Re-posted with permission from the WSU Economic Development Blog
Global Fiberglass Solutions, Inc. is helping industries reduce their environmental impact and growing jobs in the Northwest and beyond. For the past three years, Washington State University researchers have helped advance both missions.
Reducing waste and improving profits
GFSI is addressing large-scale industry waste of high-end materials such as fiberglass and carbon fiber. Both products are used in major industries including aerospace and wind turbine manufacturing. The materials are increasing in popularity due to their lightweight strength and low manufacturing cost, but disposing of the materials poses an environmental challenge.
“Fiberglass is a high quality material that takes a lot of energy to make, and does not break down naturally,” said Karl Englund, a WSU materials science researcher and Extension faculty at WSU who has worked with GFSI for the past two years.
The founders of Global Fiberglass – Don Lilly and Ken Weyant – set out to address that challenge in 2009 by turning recycled fiberglass into railroad ties. They found willing clients in wind turbine manufacturers, and found a way to cut down the massive blades to make hauling away easier and more cost-effective. GFSI also provided the manufacturers with a certificate of decommissioning, and became an EPA WasteWise Endorser, to help the companies promote their responsible waste practices.
From wind blades and railroad ties, GFSI expanded its feedstock to include boats and industrial scraps, and products to include man hole covers, bricks and other materials. By working with GFSI, companies like GE, which manufactures wind turbine blades, can buy back the products made from the recycled material to sell again – both decreasing waste going to the landfill and increasing revenue opportunities for the company.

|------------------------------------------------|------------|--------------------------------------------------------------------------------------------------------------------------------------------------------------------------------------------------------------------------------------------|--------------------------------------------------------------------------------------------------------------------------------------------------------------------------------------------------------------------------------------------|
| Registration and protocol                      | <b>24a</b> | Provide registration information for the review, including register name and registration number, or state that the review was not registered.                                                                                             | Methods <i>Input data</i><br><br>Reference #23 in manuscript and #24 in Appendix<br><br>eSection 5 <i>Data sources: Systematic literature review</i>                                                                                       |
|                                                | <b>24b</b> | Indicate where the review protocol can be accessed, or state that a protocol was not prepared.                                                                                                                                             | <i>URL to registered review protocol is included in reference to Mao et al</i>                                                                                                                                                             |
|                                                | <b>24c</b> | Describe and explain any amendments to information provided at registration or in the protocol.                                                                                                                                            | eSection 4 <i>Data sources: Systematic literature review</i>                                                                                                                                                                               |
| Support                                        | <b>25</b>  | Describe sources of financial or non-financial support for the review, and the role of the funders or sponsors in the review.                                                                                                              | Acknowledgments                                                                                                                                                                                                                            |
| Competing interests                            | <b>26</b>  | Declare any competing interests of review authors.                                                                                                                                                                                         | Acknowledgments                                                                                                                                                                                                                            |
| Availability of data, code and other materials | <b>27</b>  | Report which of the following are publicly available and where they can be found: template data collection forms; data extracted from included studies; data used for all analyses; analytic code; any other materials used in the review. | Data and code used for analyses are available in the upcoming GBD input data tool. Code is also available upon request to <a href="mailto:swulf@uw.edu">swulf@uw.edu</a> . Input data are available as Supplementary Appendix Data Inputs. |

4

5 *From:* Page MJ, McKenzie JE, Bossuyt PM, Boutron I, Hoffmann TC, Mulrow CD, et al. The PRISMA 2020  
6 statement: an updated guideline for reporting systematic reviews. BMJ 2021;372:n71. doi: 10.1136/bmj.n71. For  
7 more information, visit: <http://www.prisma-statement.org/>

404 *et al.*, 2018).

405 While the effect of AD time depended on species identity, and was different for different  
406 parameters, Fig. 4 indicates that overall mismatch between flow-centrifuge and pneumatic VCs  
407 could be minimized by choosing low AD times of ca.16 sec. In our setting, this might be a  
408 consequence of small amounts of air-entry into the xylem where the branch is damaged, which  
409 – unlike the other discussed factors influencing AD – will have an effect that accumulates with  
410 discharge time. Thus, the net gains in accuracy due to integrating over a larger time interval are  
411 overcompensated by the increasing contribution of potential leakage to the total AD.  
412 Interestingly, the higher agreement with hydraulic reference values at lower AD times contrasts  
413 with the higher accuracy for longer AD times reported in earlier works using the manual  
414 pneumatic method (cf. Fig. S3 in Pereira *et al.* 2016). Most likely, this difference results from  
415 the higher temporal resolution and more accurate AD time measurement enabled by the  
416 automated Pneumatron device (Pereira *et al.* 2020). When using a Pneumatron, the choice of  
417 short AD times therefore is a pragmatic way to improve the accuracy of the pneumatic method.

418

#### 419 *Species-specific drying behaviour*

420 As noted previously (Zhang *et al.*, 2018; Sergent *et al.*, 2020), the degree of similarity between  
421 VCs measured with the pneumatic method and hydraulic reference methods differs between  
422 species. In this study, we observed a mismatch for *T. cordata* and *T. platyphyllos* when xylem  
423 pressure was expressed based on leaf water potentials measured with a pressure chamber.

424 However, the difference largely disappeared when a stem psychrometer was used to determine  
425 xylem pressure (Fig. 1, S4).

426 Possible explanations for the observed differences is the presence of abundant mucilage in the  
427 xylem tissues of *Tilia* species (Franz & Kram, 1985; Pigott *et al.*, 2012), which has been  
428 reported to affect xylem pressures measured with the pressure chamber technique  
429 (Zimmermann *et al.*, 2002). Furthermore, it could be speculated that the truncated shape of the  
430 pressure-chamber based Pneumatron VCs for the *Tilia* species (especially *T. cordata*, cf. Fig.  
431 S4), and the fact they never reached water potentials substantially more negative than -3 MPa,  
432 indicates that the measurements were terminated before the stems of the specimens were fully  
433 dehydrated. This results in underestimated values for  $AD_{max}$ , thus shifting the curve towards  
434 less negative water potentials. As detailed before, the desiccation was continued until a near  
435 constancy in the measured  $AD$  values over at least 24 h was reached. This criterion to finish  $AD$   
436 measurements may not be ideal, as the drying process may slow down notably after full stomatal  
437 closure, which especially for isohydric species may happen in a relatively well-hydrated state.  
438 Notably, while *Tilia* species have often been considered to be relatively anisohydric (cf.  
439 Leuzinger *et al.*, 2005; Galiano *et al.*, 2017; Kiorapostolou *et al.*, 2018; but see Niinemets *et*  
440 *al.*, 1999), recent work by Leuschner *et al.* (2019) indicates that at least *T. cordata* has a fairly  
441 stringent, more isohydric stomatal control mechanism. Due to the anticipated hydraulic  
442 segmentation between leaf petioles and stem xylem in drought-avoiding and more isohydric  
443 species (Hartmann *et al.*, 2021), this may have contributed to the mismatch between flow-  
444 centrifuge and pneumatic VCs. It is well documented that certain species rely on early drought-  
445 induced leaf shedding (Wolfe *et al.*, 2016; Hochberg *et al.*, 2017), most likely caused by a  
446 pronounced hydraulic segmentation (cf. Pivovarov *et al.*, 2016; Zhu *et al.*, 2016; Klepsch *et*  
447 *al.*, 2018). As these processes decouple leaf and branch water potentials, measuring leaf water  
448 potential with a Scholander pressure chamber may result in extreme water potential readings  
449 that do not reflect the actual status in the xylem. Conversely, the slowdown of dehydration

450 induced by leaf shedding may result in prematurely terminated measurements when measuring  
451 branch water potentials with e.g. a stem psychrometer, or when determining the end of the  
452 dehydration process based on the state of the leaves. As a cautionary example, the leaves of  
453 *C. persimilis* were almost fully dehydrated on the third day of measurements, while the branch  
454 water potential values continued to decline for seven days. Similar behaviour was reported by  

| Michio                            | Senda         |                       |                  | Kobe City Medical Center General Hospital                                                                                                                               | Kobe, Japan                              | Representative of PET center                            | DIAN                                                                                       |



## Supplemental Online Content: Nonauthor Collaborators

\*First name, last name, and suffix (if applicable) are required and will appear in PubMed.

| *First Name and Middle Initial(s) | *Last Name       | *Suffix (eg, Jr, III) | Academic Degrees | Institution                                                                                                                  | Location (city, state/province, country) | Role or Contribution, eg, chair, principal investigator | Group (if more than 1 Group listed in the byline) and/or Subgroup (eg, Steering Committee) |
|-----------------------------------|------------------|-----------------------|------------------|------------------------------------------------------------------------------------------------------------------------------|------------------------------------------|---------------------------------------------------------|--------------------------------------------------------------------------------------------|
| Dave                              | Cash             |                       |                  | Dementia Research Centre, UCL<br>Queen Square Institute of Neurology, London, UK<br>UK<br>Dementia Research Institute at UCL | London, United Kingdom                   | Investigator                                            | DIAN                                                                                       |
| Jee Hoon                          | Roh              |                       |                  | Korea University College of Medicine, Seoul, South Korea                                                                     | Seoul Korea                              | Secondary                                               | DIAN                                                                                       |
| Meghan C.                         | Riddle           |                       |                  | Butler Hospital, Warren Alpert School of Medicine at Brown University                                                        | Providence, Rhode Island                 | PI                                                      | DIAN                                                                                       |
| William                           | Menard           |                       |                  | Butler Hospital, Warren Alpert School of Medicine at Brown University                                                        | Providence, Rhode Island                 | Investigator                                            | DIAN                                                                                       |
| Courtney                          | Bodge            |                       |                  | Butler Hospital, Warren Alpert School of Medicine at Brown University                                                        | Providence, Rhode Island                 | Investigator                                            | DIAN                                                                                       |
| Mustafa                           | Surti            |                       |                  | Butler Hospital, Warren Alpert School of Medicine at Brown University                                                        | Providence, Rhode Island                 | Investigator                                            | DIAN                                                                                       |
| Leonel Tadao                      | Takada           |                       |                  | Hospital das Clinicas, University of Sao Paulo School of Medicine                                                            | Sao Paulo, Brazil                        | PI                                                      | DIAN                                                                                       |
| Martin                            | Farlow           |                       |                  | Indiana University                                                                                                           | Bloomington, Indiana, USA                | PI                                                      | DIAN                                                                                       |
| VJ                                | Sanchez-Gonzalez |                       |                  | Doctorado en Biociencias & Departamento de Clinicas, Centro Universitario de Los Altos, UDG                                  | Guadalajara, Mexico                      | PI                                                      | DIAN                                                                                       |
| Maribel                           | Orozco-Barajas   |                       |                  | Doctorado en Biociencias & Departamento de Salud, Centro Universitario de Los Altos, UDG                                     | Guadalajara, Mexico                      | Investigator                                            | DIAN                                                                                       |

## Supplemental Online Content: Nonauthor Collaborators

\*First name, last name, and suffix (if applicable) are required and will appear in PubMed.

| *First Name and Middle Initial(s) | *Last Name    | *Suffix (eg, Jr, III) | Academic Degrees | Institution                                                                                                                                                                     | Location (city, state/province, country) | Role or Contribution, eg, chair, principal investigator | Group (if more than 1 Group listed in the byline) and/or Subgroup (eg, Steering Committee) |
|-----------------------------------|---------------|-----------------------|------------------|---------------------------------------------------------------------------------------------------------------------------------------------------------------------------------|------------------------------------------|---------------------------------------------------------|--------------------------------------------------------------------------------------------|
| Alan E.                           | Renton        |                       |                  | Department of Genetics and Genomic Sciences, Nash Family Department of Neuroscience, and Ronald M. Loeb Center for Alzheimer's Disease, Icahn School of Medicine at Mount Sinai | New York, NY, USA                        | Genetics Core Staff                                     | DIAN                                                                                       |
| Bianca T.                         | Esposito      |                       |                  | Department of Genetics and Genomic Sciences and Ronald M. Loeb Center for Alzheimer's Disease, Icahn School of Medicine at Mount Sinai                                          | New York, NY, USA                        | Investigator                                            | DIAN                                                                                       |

WSU helps with R&D, state supports partnership
Lily first connected with WSU two years ago through a research project funded by the Joint Center for Aerospace Technology Innovation (JCATI). GFSI wanted to expand into carbon fiber recycling, and was exploring ways to break the material down without losing some of its key characteristics.
“We looked at WSU as our R&D arm,” Lilly said.
JCATI offered funding for a joint project with WSU researcher Jinwen Zhang and his team. They developed a chemical recycling method that breaks down the carbon fiber in a more environmentally-friendly way, while also preserving important material characteristics.
In addition to exploring carbon fiber as a feedstock, Lilly wanted to make construction materials from their recycled fiberglass product. Thanks to an introduction from Zhang, Lilly started working with Englund to develop composite panels and reinforced plastic pellets, which can be used as a feedstock for the plastic industry. Both Englund and Zhang are part of WSU’s Composite Materials Engineering Center (CMEC), which has long worked with companies to figure out the best process for breaking down materials, developing and testing products from the recycled materials, and scoping possible supply chains for manufacturing.
“Most people are interested in creating new materials that take a lot of energy,” Englund said. “I’m on the other end, asking how we can get as much value as possible before throwing a material out.”
Working with GFSI, Englund has tested different options for grinding down the wind blades into the most useful material, and tested performance of the composite panels.
New manufacturing jobs for Washington, Iowa, Texas
Now that GFSI has proven that composites made from recycled fiberglass are reliable, the company is looking to develop manufacturing plants in Washington, Iowa and Texas. While the company currently employs around 25, these plants will mean a significant increase in new manufacturing jobs in rural communities.